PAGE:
In apparent good health Mrs. Mitte wore a corsage of carnations and sweet peas as she received the congratulations of the many who gathered at the Schoenherr home, where she makes her home. Mrs. Schoenherr is her daughter.
The Greenwood Public Schools have a record enrollment of 314. This number will be increased by a few late-comers. Those in high school number 228, in grade school 86.
The senior class in high school numbers 47; juniors 54; sophomores, 57; freshmen, 70.
Vet’s Village soon will be Neillsville’s.
Title to the 12 pre-fabricated houses, which were moved here from Baraboo a few years ago to relieve the housing shortage, will be turned over to the city by the federal government as a gift, with no strings attached.
This was the word given to the city council Tuesday night in a letter from the federal authority in charge of the units. The council adopted a resolution accepting the gift.
Up until now the city has operated the housing project under a lease arrangement with the federal government. The federal government has realized from $1,200 to $1,300 per year in the past from the rental of these units, City Clerk John C. Brandt told the council. After the transfer takes place, these revenues will be retained by the city.
Lewerenz Food Shop extends a Public Invitation to Try Their Home Cured & Smoked Hams & Bacon. Buy Hams, Slab Bacon & Other Meats at Wholesale Prices: Quarters, 33¢ lb. Pure, Fresh milk, 45¢a gal.
The Neillsville Athletics baseball team dropped a 10-inning thriller to Augusta, 7 to 6, Sunday night in the final game of the Cloverbelt league championship play-offs by taking the Eastern Division Title. Members of the Neillsville team are: Jackie Leonardt, pitcher; Hank Lukes, pitcher-short-stop; Gordie Vine, short-stop; Gene Christie, manager and third baseman; Bob Urban, first baseman; Jim Baierl, catcher; Ernest Christie, coach; Armond Wachholz, left fielder; Pat McIntyre, center fielder; Harold Milbreit, right fielder; Bud Bremer, second baseman; and Joe Urban, Jr., utility outfielder.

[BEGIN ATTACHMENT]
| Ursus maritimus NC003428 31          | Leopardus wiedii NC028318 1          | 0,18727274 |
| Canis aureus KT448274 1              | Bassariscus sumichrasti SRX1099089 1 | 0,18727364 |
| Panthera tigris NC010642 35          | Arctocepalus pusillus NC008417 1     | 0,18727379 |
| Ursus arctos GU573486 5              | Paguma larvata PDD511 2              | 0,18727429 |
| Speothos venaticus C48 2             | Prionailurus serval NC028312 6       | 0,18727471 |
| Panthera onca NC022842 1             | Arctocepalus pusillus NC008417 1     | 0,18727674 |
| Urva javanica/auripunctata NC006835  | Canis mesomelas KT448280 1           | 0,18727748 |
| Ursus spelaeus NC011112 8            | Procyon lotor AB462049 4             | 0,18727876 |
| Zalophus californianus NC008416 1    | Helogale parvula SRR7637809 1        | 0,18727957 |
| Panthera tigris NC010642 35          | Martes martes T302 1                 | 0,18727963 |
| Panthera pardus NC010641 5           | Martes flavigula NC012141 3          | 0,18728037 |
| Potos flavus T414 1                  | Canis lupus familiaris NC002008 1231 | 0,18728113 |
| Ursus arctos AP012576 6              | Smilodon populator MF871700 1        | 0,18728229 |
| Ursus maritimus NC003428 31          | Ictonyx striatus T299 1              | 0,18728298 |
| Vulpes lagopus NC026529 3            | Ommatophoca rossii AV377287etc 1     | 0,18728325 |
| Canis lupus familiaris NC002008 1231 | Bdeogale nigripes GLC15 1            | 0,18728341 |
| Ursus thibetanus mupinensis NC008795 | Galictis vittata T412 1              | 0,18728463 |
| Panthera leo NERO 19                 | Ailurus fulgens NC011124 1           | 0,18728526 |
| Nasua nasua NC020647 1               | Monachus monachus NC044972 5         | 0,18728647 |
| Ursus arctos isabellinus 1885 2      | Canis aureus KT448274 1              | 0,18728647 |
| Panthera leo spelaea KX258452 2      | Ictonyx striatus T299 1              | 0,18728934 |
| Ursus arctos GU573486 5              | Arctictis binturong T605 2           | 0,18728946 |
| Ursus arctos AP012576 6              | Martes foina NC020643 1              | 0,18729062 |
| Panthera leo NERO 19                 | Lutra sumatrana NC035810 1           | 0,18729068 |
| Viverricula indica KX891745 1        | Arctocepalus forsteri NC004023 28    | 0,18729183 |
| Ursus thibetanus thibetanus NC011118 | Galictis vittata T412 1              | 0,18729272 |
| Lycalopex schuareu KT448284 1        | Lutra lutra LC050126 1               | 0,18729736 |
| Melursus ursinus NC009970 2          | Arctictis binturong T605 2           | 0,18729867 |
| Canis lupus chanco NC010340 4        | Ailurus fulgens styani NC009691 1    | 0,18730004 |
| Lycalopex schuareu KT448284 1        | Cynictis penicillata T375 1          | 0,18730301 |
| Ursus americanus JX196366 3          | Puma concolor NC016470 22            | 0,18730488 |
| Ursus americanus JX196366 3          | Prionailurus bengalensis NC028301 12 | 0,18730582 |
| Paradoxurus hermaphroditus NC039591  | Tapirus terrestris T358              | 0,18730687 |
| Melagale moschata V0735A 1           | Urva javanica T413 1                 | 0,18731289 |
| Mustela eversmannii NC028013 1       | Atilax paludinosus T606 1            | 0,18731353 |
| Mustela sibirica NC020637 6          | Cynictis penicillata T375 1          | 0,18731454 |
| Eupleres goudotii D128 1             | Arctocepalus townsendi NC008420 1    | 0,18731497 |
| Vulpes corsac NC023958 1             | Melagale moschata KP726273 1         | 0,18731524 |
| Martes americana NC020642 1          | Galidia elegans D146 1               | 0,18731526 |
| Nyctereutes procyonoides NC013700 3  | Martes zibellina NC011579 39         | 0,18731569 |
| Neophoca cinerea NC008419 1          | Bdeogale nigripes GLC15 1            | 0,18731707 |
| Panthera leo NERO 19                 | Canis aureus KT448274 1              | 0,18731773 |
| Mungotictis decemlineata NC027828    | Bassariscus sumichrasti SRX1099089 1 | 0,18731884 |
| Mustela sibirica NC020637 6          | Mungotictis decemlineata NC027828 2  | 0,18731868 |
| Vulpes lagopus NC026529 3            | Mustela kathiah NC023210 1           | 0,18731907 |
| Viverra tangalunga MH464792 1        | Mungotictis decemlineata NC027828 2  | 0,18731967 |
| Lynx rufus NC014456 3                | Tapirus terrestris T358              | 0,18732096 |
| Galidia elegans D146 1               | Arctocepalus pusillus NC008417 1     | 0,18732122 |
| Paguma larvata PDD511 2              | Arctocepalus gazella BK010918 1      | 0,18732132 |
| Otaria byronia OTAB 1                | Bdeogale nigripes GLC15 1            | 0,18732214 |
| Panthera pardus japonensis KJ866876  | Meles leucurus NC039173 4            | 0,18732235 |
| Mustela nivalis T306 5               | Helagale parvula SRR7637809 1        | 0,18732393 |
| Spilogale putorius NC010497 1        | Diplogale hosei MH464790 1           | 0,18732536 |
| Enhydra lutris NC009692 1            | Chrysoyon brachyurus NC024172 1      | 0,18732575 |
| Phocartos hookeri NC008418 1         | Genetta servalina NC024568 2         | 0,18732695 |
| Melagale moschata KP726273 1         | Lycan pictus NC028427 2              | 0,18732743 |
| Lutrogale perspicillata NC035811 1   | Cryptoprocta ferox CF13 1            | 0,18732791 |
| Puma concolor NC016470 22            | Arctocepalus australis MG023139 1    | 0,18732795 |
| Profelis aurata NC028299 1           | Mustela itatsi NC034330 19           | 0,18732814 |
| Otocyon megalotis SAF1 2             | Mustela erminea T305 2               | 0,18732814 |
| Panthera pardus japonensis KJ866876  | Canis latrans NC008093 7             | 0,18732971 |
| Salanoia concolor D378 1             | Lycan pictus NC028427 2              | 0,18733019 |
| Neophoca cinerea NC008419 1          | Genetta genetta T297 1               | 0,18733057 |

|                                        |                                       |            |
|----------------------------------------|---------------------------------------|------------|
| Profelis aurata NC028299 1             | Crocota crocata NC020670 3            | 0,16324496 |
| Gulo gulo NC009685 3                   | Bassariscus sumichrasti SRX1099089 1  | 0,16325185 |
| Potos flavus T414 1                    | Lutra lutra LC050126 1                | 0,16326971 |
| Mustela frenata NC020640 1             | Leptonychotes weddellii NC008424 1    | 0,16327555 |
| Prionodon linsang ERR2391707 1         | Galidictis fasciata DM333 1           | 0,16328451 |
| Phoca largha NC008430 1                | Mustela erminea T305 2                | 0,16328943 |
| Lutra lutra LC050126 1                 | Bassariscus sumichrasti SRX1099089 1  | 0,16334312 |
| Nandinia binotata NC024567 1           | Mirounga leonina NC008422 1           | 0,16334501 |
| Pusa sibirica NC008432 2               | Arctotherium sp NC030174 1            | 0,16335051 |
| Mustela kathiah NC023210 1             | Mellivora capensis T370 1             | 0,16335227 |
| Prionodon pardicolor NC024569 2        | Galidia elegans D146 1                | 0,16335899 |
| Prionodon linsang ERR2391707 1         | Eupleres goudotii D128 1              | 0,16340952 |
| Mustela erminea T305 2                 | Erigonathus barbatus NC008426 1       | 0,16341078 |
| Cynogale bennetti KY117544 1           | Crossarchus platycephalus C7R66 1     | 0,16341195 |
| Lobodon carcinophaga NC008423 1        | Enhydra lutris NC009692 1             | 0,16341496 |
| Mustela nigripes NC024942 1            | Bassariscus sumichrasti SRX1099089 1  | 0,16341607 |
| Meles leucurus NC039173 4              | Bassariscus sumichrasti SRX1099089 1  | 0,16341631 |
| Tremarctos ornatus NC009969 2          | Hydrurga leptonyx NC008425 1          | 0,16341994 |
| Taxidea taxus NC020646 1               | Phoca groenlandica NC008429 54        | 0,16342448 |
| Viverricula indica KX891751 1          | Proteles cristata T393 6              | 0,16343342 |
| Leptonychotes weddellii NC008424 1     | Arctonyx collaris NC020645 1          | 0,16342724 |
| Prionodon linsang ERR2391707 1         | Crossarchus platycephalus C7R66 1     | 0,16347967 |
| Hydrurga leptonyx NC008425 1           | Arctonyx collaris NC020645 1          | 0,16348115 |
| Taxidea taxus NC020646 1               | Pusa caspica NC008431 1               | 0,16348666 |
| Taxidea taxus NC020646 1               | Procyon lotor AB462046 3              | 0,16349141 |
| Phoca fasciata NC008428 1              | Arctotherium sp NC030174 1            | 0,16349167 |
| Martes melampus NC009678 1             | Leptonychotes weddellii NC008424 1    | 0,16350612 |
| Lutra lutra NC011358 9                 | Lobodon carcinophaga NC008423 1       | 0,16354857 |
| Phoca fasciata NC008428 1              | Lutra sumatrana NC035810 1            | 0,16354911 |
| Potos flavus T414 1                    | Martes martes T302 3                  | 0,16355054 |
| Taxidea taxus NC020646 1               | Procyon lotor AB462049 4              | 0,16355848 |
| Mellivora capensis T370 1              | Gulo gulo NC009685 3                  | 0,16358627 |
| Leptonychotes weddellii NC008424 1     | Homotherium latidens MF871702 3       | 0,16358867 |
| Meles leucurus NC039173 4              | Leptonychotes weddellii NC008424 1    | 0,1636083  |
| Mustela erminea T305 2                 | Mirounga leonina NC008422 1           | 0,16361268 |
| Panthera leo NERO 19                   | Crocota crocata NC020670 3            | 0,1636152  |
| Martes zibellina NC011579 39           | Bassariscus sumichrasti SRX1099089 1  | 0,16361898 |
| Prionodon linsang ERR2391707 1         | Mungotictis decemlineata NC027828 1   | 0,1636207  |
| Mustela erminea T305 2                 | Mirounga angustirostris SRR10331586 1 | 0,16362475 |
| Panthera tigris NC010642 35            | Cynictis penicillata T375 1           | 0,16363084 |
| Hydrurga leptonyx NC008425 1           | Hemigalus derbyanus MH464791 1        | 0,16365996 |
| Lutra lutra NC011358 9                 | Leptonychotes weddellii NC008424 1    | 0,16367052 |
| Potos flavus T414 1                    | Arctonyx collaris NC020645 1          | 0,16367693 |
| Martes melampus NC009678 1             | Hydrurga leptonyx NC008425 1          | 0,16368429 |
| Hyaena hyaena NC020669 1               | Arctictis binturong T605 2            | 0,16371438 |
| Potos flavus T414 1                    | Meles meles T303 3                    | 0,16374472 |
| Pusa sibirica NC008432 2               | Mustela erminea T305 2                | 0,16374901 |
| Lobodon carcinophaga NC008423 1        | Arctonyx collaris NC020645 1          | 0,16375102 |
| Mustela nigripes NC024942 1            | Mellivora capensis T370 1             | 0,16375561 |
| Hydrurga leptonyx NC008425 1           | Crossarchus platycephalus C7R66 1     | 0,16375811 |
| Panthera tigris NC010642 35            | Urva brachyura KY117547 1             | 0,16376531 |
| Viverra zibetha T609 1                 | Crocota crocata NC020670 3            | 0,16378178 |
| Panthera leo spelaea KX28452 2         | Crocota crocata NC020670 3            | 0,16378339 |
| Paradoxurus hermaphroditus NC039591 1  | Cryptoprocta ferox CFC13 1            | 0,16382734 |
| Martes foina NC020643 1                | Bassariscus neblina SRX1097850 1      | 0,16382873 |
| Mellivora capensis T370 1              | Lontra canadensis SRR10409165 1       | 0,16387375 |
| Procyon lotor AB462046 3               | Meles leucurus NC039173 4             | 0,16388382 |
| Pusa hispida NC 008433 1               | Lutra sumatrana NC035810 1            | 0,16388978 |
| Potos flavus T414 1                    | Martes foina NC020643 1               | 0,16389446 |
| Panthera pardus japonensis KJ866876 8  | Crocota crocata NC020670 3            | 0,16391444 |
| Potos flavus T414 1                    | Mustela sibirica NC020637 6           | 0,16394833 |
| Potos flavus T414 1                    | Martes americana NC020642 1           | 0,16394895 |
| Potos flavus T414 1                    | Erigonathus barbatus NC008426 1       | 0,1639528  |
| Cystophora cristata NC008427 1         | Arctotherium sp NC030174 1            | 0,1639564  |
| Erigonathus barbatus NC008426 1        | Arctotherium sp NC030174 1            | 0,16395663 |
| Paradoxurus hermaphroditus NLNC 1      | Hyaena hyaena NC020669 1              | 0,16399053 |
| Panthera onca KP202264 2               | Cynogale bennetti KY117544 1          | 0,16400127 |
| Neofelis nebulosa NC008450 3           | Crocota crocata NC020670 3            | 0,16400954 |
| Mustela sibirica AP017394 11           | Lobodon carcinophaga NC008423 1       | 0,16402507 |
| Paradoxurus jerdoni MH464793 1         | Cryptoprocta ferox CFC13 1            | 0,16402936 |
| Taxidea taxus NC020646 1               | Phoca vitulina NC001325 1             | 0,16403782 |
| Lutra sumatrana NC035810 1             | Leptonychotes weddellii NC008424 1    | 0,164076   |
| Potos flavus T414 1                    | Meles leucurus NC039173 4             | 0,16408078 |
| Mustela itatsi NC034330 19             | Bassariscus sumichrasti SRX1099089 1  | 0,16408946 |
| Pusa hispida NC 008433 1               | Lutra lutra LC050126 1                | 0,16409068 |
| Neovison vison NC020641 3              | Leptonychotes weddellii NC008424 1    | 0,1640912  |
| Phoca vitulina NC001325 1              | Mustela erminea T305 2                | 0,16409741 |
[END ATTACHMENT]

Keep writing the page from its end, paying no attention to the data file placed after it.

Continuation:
An estimated 4,000 gallons of water were sprinkled on the dirt infield of the Neillsville Athletic field during the day Sunday to lay the dust for the crucial championship game of the Cloverbelt championship series that night. With a high wind sweeping the countryside throughout the day, Jack Tibbett, president of the association, organized the water brigade to prevent a “dusting out” of the game, as very nearly happened in the second game of the series a week before. The 4,000 gallons of water put the infield in perfect playing condition; but it was an all-day job for the men who donated their time.
The grand opening of the Farmers Union’s new oil station building will be held Friday, day and evening, with the public invited to visit the building and take part in special events, which have been arranged.
The building is the major construction of Neillsville completed in 1949. Of handsome glazed tile, it stands on the corner of West Sixth and West Streets.
One of the features is the big 10-ton truck hoist, which is housed therein. This hoist, according to Albert (Lefty) Zank, operator of the station, “ought to be big enough to handle any truck in this area.”
Directors of the Neillsville Farmers union Oil Cooperative, which erected the building, are: Herman Schoenherr, William Zank, Leo Korth, Elmer Kapfer, Edward Lindquist and Eugene Edwards. General Manager is Arthur Tews.